Perhaps the biggest problem when analysing Funding Circle shares is that many of the usual financial metrics used to find a fair price for the shares do not apply.
For example, most long-established UK-listed companies make profits which, when translated into earnings per share, give potential investors an idea of how highly valued shares are in relation to their profits. Likewise, without any profits to distribute, it will be some while before Funding Circle shares start paying dividends (regular cash payouts distributed, usually half-yearly or quarterly) to shareholders.
Assuming Funding Circle's revenues in 2018 surge to, say, £150 million, and based its current market value of around £1.3 billion, Funding Circle is valued at perhaps nine times its revenues. Valued against this basic measure, its shares look very toppy (fully priced for growth) and certainly too rich for my blood. (and that of most value investors, I imagine).
A lesson from America
As the first UK stock market-listed P2P lending website, Lending Circle is blazing a trail that other P2P firms are sure to follow in time. However, investors considering buying its shares should take heed of two similar US flotations of P2P firms.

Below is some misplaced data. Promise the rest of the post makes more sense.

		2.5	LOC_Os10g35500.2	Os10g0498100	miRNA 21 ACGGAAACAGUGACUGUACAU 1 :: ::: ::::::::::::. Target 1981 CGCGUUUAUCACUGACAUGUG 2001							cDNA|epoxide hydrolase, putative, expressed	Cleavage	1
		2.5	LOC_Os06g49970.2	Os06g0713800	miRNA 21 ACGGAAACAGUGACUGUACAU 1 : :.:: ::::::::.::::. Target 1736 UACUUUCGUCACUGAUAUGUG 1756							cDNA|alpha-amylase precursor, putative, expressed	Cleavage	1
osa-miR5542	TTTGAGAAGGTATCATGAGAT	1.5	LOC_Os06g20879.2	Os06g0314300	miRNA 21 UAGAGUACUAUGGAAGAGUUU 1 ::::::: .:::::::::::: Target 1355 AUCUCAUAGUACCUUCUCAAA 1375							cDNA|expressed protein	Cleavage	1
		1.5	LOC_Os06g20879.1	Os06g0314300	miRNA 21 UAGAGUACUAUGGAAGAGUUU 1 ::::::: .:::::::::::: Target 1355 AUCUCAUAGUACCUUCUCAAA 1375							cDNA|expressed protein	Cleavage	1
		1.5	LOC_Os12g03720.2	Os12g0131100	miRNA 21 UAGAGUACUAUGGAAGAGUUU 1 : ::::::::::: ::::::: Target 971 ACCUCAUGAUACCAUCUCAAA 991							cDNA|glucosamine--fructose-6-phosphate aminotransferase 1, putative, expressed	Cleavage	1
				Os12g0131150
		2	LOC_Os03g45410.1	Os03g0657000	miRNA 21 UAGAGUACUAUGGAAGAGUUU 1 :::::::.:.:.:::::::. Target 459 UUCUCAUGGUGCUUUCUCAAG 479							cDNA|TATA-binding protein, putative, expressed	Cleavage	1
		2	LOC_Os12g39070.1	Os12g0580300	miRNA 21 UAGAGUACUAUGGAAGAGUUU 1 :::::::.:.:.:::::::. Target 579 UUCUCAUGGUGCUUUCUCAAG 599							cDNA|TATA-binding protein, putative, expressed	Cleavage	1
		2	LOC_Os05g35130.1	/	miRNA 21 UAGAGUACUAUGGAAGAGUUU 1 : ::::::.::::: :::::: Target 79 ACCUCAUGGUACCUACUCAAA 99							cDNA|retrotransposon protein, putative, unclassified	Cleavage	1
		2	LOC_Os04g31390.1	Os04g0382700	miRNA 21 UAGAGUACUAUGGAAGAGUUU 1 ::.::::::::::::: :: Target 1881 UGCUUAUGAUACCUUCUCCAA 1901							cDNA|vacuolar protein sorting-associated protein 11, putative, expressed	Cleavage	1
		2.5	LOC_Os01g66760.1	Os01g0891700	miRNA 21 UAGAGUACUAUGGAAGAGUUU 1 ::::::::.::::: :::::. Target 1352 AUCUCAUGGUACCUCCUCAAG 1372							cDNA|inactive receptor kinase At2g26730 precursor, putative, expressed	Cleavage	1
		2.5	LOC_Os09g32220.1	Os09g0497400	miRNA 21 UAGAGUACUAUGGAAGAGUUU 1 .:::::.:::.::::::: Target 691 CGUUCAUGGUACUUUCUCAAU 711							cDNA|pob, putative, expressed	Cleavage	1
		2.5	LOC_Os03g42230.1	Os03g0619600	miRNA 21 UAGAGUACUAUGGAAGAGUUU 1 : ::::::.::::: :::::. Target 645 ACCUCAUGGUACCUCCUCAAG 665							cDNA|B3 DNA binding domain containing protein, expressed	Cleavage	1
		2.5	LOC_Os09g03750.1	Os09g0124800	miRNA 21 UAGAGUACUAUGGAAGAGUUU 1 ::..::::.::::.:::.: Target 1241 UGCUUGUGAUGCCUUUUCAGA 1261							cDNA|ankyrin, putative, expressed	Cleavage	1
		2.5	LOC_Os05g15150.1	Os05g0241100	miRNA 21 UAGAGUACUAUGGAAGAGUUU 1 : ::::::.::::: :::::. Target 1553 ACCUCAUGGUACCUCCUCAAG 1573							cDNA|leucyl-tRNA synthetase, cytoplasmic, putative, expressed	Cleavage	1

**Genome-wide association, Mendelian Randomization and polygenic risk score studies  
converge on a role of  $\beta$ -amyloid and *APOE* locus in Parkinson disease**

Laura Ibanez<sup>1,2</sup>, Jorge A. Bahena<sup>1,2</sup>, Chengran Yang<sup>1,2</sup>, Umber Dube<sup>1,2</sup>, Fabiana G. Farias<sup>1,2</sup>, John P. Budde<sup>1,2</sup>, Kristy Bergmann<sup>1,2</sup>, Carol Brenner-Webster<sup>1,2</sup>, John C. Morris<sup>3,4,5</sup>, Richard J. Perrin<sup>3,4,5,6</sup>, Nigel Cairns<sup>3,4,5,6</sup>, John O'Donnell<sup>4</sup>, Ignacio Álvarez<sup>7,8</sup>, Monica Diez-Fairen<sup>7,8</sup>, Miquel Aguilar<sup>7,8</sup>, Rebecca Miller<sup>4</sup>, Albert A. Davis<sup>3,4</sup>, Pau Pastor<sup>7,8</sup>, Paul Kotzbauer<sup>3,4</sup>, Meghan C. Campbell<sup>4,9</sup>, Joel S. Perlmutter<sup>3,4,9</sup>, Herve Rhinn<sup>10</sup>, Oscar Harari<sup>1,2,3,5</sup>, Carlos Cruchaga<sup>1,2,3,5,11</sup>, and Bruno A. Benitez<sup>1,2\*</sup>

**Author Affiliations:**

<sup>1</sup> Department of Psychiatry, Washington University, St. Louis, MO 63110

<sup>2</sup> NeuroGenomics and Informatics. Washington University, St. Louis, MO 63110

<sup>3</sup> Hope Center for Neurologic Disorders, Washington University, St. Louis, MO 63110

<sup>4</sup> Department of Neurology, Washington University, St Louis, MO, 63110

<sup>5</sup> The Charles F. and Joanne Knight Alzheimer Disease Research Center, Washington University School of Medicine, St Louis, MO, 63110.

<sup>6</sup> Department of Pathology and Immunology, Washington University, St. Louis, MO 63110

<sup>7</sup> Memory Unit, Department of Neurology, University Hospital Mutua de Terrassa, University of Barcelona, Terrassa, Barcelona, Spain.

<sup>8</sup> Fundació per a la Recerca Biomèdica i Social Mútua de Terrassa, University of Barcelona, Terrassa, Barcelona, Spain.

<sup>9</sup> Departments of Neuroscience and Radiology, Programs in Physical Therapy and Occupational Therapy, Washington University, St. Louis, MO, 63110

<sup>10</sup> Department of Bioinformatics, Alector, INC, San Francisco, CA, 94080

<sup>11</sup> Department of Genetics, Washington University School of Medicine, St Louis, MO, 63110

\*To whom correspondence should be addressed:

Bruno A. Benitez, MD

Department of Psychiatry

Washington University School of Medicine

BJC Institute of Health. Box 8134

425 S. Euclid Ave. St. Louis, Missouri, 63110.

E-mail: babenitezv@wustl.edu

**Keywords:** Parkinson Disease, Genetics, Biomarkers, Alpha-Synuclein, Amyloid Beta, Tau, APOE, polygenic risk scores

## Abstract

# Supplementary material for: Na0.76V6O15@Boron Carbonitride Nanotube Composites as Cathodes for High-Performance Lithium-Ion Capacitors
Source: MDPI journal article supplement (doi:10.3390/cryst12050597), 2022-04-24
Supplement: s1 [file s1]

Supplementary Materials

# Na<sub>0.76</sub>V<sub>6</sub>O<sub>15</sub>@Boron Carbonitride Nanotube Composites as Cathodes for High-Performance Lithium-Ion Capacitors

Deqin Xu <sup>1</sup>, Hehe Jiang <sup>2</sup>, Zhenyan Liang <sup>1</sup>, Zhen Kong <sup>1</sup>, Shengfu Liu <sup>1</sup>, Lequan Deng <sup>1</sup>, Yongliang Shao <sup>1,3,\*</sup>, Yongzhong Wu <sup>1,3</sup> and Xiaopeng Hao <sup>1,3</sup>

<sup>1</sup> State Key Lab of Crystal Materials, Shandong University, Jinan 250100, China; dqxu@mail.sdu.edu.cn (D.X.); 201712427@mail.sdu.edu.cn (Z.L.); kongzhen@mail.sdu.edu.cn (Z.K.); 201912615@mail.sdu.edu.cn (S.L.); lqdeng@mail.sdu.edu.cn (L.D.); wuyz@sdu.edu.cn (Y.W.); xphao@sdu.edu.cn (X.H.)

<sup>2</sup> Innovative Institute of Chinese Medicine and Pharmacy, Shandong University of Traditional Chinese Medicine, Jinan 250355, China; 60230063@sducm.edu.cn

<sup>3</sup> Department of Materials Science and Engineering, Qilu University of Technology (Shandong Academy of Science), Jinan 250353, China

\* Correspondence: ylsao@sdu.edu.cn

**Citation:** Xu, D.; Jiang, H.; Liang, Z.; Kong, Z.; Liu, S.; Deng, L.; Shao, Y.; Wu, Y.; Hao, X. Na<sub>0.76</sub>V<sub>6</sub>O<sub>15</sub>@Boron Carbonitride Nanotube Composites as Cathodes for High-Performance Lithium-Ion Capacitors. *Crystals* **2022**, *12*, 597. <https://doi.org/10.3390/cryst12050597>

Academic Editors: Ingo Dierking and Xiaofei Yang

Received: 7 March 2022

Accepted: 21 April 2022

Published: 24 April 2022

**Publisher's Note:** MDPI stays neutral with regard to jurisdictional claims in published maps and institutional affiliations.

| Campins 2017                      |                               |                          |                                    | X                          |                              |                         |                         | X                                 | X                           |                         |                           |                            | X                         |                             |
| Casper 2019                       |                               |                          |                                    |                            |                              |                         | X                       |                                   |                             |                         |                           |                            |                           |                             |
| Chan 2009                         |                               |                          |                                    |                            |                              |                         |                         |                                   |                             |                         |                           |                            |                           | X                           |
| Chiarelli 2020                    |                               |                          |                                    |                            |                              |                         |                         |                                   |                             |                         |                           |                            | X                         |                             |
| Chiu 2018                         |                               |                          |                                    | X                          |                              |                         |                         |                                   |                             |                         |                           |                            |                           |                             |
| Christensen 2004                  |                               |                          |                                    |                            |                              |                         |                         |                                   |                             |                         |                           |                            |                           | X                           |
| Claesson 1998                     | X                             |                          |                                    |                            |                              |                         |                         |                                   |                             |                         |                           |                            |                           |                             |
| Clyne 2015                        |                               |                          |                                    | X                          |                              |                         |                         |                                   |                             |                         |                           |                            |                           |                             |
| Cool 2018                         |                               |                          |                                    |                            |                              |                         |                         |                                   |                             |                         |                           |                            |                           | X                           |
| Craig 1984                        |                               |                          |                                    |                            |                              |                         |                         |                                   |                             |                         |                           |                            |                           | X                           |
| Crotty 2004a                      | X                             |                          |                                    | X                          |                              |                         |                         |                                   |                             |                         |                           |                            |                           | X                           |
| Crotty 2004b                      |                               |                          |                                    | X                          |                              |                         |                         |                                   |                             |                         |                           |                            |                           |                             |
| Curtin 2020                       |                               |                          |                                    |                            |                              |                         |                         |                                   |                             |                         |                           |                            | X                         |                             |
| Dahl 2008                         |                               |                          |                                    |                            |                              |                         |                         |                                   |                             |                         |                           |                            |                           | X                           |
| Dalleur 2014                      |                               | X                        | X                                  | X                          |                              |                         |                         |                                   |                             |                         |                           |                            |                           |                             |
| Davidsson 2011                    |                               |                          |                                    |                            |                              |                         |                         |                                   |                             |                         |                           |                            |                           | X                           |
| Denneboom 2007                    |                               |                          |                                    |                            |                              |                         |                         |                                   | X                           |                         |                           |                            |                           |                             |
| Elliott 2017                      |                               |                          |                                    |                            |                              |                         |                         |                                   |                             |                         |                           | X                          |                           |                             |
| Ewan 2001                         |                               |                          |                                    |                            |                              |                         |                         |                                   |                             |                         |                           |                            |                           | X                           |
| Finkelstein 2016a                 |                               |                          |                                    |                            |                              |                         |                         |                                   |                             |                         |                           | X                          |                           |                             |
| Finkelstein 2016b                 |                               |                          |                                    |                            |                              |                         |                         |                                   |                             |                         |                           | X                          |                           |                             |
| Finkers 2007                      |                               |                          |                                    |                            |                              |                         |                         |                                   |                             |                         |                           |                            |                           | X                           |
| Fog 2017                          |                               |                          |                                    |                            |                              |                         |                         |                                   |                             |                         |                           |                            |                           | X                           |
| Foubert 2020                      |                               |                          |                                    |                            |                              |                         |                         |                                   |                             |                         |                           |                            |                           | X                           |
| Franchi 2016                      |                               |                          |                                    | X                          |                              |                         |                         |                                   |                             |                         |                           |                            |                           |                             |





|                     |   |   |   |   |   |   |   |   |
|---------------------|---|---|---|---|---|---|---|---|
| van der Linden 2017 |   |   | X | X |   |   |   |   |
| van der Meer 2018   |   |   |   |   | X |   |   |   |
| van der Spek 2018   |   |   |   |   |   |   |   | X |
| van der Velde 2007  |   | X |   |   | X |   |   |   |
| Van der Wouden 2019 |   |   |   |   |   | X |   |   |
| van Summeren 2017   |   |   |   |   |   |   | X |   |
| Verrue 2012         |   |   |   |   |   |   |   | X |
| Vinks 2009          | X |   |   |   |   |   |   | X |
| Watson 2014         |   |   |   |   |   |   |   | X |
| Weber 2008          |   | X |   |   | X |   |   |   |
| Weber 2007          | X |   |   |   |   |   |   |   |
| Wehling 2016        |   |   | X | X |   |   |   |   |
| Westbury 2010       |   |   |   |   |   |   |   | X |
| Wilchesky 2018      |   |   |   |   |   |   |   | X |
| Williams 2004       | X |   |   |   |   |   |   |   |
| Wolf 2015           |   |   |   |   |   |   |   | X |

Within weeks of each other in 2014, US P2P sites Lending Club (LC) and OnDeck Capital (ONDK) floated on the New York Stock Exchange. On floating, LC was valued at $5.4 billion, while ONDK was worth $1.3 billion. Today, LC is worth a mere $1.4 billion, while ONDK is worth just $570 million. In other words, their shares have crashed by almost three-quarters (74%) and more than half (56%) respectively. Ouch!
In summary, while Funding Circle shares might just be worth buying at some point in the future – when it starts making repeat profits while continuing to grow rapidly, for example – I would caution against buying them at today's price of 390p. For me, its shares are nothing more than a punt right now, especially if the credit market turns nasty in the next recession!
Visit Funding Circle.